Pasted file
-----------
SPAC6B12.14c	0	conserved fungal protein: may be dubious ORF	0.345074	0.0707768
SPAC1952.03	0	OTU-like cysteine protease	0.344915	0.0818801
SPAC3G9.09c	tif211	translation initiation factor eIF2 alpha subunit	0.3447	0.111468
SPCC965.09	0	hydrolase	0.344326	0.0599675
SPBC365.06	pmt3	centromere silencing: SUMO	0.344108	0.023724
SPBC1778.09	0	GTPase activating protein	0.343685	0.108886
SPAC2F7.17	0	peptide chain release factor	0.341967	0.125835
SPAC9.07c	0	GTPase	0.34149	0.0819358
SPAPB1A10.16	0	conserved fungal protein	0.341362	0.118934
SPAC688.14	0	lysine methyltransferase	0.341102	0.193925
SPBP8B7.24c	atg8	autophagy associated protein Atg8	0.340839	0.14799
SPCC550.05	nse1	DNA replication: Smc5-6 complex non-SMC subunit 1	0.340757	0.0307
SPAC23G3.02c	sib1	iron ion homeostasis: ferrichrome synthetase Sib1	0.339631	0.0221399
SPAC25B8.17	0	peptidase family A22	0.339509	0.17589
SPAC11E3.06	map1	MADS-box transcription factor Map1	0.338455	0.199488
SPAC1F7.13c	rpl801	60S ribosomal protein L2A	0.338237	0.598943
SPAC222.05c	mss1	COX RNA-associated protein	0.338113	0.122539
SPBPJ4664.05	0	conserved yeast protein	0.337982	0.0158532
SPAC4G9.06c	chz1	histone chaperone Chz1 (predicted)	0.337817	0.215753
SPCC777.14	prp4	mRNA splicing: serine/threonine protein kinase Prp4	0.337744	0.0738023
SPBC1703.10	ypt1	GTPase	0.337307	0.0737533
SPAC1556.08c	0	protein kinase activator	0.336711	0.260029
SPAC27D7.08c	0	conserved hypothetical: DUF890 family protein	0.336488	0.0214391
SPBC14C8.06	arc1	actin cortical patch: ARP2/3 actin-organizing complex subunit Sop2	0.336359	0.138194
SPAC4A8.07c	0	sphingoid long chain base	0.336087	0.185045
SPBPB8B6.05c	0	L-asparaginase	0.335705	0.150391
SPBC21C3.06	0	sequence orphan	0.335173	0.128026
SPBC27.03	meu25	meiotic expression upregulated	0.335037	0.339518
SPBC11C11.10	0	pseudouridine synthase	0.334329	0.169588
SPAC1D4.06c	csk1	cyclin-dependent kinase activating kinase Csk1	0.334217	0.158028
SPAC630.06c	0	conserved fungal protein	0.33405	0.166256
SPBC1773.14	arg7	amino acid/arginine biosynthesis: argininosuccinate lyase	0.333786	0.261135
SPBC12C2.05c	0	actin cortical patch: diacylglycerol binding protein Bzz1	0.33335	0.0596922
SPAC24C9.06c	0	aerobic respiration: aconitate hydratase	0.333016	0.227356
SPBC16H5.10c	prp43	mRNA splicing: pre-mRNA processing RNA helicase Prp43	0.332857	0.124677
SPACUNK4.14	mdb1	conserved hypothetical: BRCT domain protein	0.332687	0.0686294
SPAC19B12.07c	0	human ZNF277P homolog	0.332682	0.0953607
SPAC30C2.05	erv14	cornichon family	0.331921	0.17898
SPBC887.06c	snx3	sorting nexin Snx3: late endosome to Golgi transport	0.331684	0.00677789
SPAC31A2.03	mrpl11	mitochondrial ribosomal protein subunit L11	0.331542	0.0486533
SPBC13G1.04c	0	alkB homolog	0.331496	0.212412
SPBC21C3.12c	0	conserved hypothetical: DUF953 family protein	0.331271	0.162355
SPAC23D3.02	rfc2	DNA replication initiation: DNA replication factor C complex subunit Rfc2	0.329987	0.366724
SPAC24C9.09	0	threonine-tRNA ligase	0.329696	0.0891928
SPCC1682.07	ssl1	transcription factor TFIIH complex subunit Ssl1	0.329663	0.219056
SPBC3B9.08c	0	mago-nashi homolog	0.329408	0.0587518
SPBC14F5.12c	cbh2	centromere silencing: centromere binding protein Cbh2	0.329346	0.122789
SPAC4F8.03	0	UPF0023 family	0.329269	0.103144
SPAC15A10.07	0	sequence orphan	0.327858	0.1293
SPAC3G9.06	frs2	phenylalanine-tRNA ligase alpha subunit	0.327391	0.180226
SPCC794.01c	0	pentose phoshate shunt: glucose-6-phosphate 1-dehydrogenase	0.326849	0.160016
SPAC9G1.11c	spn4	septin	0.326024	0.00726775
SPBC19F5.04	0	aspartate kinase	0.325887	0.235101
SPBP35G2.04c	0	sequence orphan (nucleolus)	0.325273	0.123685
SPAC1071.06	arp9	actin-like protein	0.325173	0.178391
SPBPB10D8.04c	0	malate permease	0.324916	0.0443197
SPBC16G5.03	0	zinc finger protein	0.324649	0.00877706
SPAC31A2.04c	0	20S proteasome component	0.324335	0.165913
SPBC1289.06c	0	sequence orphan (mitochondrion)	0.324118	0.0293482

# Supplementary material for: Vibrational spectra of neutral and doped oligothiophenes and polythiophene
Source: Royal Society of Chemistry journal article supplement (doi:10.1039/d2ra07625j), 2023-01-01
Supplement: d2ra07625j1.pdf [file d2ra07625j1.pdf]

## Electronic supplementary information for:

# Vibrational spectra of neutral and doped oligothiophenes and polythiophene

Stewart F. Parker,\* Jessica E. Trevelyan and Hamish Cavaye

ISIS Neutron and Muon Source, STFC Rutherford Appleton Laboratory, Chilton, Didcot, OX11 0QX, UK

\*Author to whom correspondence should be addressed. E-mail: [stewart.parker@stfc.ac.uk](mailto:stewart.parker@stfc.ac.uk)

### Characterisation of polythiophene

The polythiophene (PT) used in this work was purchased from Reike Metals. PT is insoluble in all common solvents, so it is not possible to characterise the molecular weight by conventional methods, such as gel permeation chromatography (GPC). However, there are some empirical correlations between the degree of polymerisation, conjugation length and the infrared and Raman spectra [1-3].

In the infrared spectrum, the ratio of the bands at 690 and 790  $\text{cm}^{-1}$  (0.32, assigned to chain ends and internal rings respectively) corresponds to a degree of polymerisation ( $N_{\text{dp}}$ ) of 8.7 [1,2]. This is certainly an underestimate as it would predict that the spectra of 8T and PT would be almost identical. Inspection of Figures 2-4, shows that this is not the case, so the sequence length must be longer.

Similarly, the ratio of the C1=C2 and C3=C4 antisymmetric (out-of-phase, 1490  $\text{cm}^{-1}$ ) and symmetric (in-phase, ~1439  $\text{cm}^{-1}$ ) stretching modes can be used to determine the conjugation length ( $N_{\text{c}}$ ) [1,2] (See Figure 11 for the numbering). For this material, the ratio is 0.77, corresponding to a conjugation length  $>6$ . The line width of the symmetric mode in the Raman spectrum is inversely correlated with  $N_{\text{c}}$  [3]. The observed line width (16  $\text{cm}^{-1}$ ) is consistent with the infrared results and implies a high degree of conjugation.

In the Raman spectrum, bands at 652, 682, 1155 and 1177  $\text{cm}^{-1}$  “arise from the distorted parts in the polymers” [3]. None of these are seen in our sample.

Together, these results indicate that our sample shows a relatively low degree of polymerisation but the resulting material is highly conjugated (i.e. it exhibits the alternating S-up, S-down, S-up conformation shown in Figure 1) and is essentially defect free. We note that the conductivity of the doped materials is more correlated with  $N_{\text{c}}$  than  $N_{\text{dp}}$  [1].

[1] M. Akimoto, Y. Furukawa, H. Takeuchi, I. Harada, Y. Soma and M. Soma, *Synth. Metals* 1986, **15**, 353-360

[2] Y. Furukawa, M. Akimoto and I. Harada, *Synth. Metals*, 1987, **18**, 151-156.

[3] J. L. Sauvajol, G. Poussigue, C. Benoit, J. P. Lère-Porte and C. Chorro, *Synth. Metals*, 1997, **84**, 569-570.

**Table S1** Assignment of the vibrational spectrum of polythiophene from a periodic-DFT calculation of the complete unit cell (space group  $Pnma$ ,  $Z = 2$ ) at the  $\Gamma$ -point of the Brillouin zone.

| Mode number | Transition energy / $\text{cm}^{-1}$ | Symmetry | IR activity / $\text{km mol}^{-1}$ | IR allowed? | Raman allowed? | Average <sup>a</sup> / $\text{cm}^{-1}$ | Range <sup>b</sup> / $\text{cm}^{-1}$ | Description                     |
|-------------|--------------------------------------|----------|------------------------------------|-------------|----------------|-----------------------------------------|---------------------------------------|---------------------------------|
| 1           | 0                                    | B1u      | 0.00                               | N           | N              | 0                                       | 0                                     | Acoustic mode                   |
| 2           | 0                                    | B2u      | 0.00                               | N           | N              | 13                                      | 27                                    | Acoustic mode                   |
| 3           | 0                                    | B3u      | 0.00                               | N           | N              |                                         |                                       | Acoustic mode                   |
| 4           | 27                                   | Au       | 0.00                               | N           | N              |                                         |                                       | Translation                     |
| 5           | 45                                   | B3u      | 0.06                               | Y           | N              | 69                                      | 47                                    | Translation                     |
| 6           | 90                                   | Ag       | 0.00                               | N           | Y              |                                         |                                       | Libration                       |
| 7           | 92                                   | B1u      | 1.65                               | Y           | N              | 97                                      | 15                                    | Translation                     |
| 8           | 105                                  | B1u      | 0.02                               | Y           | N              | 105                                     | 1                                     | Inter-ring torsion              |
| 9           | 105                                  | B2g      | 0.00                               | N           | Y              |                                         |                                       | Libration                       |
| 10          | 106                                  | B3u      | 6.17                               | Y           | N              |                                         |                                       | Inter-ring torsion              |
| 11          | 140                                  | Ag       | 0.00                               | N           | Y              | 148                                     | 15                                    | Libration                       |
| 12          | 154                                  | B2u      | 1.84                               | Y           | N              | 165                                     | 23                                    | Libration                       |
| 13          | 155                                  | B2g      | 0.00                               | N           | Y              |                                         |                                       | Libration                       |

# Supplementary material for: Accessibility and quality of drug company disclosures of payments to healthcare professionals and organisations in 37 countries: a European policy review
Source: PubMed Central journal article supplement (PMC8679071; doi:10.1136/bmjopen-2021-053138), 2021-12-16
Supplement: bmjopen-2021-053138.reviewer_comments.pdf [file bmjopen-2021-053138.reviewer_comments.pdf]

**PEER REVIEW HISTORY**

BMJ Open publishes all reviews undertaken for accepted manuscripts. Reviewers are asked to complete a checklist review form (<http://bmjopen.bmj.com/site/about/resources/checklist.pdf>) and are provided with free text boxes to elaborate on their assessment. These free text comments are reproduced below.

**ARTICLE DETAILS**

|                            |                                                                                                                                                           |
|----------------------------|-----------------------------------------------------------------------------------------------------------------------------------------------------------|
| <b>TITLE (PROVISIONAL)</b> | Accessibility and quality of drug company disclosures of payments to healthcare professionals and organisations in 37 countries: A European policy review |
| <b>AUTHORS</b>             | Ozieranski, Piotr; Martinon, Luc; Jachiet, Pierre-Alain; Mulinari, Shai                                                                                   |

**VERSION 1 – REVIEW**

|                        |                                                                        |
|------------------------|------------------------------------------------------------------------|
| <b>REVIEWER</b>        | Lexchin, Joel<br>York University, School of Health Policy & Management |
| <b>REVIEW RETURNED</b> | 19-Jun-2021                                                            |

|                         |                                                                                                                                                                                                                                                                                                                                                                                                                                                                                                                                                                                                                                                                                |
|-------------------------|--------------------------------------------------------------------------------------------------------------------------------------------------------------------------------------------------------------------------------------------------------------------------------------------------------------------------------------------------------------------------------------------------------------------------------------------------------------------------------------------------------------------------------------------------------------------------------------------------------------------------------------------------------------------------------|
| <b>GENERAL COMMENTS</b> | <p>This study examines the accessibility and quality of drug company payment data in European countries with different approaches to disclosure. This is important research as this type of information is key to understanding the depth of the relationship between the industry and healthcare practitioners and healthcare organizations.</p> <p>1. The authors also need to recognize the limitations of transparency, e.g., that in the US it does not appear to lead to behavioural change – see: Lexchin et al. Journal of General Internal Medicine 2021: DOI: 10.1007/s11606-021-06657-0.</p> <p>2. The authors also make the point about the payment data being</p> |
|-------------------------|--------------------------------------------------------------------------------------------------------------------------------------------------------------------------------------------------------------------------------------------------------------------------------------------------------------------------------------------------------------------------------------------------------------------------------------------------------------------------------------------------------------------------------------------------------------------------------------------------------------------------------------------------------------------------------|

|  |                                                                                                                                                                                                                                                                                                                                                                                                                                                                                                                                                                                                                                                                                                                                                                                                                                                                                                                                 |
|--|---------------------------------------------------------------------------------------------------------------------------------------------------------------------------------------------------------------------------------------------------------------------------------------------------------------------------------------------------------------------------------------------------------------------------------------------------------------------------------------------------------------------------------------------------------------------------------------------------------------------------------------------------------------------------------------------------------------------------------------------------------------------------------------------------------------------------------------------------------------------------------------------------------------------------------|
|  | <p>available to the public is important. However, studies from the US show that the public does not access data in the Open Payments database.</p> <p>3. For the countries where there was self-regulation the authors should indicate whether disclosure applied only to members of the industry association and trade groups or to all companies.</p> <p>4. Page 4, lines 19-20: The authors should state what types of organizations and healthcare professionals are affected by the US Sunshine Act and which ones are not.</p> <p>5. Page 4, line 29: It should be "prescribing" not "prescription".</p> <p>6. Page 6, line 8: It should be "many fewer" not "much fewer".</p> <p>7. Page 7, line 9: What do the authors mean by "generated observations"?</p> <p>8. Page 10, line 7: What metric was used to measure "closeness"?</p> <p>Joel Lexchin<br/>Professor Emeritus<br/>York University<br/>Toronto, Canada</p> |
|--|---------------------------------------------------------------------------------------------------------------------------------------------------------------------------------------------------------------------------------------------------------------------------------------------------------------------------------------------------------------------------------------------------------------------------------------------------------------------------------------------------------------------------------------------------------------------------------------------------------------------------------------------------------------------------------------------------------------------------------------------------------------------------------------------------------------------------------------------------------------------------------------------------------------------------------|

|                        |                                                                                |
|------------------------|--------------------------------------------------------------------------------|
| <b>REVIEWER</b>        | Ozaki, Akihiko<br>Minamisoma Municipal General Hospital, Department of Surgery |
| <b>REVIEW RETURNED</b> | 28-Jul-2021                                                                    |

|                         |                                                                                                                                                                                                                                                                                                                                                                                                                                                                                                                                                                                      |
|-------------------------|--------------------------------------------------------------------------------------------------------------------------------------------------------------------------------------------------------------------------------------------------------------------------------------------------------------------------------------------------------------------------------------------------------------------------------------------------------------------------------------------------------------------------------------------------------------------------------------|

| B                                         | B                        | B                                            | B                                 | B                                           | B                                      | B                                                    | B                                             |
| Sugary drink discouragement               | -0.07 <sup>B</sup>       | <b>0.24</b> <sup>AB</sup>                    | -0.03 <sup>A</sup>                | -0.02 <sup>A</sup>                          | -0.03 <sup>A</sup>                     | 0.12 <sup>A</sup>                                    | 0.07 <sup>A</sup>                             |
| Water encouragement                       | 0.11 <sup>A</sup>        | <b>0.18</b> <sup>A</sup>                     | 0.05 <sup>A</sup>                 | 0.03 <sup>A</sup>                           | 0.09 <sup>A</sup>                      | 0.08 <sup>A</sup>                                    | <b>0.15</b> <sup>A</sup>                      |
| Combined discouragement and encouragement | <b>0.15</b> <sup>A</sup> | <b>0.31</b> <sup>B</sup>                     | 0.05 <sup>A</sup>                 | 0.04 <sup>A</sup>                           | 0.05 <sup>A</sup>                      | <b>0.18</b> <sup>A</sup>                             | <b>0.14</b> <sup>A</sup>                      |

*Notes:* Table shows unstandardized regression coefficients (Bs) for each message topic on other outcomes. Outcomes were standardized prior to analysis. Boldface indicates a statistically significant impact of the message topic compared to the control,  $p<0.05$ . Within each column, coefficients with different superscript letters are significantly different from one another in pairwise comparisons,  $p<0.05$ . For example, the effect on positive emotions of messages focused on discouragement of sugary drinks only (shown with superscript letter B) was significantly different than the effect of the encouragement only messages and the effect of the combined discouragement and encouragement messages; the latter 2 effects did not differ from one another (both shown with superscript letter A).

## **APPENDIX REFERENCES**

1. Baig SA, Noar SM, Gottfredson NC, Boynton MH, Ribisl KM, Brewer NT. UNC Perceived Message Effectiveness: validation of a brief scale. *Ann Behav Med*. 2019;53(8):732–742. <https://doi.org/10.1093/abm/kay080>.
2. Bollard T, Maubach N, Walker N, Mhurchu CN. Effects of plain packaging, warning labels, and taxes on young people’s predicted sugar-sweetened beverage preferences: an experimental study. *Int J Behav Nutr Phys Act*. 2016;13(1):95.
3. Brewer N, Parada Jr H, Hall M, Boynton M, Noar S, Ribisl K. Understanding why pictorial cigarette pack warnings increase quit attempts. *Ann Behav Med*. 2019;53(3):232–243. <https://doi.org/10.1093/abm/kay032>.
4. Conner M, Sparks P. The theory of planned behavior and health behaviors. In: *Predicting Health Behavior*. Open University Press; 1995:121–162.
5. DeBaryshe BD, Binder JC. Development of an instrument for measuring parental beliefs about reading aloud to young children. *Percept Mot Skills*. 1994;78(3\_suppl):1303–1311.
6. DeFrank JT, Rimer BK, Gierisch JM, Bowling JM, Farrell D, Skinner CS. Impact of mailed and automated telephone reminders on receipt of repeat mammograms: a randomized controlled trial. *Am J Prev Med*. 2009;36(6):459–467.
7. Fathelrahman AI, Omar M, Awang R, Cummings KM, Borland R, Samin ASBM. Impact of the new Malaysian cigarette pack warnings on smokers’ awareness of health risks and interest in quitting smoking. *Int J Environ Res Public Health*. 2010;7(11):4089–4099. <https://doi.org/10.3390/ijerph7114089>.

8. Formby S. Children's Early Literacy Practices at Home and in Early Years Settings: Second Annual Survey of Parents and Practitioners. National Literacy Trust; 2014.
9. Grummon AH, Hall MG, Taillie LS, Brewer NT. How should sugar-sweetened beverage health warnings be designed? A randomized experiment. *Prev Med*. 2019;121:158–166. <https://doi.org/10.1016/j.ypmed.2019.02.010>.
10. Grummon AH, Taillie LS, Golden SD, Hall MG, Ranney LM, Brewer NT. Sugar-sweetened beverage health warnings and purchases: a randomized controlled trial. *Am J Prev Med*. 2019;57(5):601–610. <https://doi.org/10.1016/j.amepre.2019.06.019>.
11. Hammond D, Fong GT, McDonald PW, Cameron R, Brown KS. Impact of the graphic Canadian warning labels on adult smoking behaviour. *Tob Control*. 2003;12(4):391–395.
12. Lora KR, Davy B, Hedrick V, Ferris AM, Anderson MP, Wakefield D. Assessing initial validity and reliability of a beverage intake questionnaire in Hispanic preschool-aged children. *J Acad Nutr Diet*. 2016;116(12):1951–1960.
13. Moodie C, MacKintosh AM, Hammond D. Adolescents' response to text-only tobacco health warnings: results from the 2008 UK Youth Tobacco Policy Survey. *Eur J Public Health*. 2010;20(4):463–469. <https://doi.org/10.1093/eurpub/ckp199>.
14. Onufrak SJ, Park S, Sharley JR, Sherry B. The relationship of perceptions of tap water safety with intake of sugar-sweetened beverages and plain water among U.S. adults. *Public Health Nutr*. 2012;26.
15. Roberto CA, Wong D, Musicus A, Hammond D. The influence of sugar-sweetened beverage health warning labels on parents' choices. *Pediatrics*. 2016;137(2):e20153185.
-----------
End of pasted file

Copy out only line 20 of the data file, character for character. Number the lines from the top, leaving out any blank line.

SPCC777.14	prp4	mRNA splicing: serine/threonine protein kinase Prp4	0.337744	0.0738023